“Today, very few organizations have as a requirement for employees and contractors the upkeep of cyber security knowledge.
That must change immediately if we are to keep pace with the ever-changing cyber threat environment.
Times are certainly changing. Politics, regulation, threats, conflict and so much more are changing; but it can be difficult to adapt to all the new and emerging technologies and their applications. There is little doubt that the world’s reliance on computers and their use continue to increase rapidly. Arguably, digital transformation is the leading driver of change. All these are producing a significant amount of new data and data communication paths that are all potential targets for cyberattacks by our adversaries and criminals. The sum of all this equals changes to our knowledge base, education requirements and the cyberthreat environment. Let’s take a look at some of the stats.
In 2016, there were multiple numbers that clearly showed just how large the cyberattack surface area has become. It was estimated that in 2016, internet of things, or IoT, devices rose to 17.6 billion. In 2016, there were an estimated 12.5 million connected cars produced and put into operation. Also in 2016, an estimated 45 percent of Americans had either a smart home or invested in smart-home technology, according to a survey by Coldwell Banker.Now we should also include robots. In the forth quarter of 2016, robot orders in North America surged by 61 percent. The increases in robot sales has led analysts projecting that robots will take/occupy 6 percent of all U.S. jobs by 2021.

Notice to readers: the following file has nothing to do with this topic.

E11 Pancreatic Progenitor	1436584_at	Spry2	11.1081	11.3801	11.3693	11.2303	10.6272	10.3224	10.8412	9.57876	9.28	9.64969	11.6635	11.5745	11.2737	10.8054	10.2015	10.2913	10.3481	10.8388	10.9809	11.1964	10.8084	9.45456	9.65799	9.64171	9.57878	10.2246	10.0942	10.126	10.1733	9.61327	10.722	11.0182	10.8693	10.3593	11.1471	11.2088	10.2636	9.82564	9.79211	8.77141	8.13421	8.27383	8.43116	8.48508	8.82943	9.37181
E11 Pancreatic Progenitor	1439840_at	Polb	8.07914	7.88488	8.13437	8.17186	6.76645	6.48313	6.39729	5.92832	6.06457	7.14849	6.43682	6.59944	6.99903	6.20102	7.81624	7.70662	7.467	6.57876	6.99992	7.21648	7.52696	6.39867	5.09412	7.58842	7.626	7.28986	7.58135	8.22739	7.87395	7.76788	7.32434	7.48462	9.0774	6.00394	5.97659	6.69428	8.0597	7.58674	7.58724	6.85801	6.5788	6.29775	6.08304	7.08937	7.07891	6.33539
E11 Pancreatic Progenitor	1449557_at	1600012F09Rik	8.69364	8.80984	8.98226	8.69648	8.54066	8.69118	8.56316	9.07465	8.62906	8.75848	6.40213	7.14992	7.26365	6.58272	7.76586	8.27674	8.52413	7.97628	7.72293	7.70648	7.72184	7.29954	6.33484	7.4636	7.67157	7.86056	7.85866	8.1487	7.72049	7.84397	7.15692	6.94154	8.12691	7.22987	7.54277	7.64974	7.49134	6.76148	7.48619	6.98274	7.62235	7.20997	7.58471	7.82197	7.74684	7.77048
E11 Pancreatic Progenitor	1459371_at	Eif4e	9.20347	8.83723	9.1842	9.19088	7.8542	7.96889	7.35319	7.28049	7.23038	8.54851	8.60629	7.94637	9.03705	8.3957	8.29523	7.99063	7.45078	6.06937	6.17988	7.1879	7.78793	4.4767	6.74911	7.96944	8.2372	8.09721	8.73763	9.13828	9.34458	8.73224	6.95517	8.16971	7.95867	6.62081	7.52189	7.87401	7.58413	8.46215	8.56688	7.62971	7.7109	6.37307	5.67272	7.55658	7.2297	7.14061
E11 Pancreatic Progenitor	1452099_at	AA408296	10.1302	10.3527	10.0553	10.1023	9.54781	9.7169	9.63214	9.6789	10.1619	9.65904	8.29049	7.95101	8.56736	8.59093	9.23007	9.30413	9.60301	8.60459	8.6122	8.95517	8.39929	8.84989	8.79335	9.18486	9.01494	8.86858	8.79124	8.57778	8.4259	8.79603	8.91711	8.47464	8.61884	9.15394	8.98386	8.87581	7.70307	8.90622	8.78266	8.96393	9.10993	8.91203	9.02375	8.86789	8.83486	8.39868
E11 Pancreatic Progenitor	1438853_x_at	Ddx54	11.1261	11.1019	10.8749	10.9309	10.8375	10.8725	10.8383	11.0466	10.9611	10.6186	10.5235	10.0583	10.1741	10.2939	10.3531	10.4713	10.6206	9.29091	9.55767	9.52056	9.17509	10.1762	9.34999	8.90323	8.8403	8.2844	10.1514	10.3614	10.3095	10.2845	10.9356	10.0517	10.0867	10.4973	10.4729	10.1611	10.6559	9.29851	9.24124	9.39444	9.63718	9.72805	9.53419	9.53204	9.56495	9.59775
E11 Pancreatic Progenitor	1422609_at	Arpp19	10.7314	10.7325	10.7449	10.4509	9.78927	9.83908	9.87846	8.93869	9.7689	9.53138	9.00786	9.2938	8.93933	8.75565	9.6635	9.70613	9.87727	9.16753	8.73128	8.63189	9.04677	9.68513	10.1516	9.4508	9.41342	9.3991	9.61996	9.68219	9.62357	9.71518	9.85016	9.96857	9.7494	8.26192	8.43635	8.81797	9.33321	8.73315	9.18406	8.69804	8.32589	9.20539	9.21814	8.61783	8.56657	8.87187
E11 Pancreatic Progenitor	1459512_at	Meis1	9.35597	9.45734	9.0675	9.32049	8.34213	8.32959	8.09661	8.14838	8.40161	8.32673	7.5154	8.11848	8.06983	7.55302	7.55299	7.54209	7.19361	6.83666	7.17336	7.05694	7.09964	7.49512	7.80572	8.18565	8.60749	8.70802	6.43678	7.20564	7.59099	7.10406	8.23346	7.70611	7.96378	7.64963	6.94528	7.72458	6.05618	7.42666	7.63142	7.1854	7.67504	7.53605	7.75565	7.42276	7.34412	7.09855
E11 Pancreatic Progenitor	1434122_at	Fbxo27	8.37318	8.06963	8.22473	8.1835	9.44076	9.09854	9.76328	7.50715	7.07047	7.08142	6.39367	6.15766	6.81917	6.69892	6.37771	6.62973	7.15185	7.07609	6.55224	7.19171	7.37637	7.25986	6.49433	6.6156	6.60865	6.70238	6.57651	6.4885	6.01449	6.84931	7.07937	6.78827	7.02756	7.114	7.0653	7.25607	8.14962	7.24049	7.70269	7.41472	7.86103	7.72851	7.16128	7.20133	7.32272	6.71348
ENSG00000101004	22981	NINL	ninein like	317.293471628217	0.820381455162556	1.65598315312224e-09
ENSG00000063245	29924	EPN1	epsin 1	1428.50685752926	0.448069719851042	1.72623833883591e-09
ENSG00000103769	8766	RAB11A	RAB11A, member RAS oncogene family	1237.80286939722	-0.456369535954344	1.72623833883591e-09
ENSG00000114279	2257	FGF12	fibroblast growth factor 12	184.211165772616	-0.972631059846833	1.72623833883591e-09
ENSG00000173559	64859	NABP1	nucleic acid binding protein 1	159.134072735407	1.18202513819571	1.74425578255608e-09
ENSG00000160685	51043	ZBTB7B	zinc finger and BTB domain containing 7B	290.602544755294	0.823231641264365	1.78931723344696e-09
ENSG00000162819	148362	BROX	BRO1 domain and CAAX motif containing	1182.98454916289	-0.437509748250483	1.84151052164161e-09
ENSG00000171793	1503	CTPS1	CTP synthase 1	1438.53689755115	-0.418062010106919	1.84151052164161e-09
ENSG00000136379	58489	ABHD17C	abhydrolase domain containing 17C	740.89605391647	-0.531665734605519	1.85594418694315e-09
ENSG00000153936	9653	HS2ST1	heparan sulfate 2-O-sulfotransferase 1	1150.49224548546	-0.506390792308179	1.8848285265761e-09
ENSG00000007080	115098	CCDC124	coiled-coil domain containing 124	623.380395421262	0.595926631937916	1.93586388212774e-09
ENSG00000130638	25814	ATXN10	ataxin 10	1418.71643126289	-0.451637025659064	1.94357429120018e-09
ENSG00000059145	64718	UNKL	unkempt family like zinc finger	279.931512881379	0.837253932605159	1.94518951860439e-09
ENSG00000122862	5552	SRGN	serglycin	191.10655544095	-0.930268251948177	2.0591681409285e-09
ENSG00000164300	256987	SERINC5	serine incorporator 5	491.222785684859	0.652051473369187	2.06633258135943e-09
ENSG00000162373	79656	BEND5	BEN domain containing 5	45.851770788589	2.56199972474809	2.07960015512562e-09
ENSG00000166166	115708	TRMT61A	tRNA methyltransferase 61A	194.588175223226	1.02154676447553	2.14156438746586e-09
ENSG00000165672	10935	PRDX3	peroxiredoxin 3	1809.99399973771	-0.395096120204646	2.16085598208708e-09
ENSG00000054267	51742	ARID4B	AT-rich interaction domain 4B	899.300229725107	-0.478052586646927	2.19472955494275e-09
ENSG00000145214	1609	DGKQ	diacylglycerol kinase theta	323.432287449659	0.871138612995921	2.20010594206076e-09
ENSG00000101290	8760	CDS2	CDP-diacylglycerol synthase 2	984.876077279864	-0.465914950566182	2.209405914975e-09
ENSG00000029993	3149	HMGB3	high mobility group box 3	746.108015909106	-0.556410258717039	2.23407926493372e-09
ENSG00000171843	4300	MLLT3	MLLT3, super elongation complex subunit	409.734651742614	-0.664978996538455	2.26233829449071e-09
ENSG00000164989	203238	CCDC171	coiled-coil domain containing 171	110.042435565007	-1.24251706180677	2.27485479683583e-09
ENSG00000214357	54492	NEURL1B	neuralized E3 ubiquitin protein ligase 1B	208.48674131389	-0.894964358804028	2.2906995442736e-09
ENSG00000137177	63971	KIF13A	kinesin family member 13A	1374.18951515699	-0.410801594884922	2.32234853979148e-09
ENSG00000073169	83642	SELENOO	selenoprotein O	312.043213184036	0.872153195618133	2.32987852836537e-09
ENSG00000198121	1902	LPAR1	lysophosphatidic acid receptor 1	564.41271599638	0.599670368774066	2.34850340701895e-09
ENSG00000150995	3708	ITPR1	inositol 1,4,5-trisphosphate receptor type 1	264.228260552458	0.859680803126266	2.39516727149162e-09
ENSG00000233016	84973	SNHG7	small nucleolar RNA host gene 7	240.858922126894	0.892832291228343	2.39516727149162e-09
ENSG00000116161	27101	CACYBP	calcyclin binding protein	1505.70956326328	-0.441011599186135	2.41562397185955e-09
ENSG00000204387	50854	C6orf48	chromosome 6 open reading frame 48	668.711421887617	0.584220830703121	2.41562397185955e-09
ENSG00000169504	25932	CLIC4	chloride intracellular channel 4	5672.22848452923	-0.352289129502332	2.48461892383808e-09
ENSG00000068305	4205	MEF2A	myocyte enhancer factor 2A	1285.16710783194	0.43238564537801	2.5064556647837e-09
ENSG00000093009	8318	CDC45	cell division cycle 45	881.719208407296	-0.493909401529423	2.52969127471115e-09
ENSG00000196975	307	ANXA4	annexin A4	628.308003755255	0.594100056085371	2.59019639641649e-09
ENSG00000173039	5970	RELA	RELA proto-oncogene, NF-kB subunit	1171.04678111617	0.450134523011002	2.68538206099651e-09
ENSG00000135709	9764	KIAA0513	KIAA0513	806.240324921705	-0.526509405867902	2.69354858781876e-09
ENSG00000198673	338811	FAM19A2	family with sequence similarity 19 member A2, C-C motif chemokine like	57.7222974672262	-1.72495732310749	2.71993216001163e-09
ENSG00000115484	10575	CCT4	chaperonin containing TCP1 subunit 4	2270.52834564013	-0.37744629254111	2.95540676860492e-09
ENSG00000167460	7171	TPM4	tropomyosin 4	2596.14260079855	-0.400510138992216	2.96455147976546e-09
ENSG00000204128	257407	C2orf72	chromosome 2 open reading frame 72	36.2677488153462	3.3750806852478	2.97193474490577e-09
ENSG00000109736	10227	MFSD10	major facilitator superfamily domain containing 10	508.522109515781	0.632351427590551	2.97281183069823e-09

Here is something that provides a partially over-arching perspective: data storage. IDC projects data storage growth by 35 to 40 percent per year for external storage and 33 to 38 percent for internal storage. Finally, consider Gartner’s projection that “manufacturers, consumer goods companies, medical device providers and their supply chain vendors are expanding the use of 3-D printing.” Think of the data files flowing to those printers! Think about the value of those files. Theft of those files enables counterfeit products, for sure. Think about all the changes in technology and to the cyberattack surface area the above data represents.
Consider the following metrics as an indication of the current pace of change to the cyber environment. In just one quarter of 2016, Panda Labs stated there were 18 million new strains of malware identified/captured. That equates to about two and one-third new pieces of malware being identified every single second. That is what was found! It is anyone’s guess what was actually released. In 2016, ransomware continued to grow in number. In fact, some place the growth rate at approximately 300 percent. That means in 2016 there were on average approximately 4,000 ransomware attacks occurring every day. That equates to two and three-fourths ransomware attacks per minute. We shouldn’t forget about the growing use of cryptocurrencies for payment in ransomware attacks! At the time of writing this, there were more than 850 differentcryptocurrencies with a total market capitalization equal to or over $97 billion. Think about all the nefarious activities that cryptocurrencies could be used to fund. It’s proven to be so relevant that a recent cryptocurrency webinar had approximately 3,000 professional attendees.
Impact on cyber training and education
The pace at which the cyberthreat environment is changing creates a huge challenge for our military and intelligence communities. Keeping up with these changes is a large and growing task. Considering the pace with which technology is advancing and implemented, it is easy to see just how essential continuous education has become. With all of the changes that have taken place and continue to take place, updating the curriculum must be an ongoing activity; the same goes for the knowledge and skill-set requirement of professionals in the cybersecurity field. Today, very few organizations have as a requirement for employees and contractors the upkeep of cybersecurity knowledge. That must change immediately if we are to keep pace with the ever-changing cyberthreat environment.”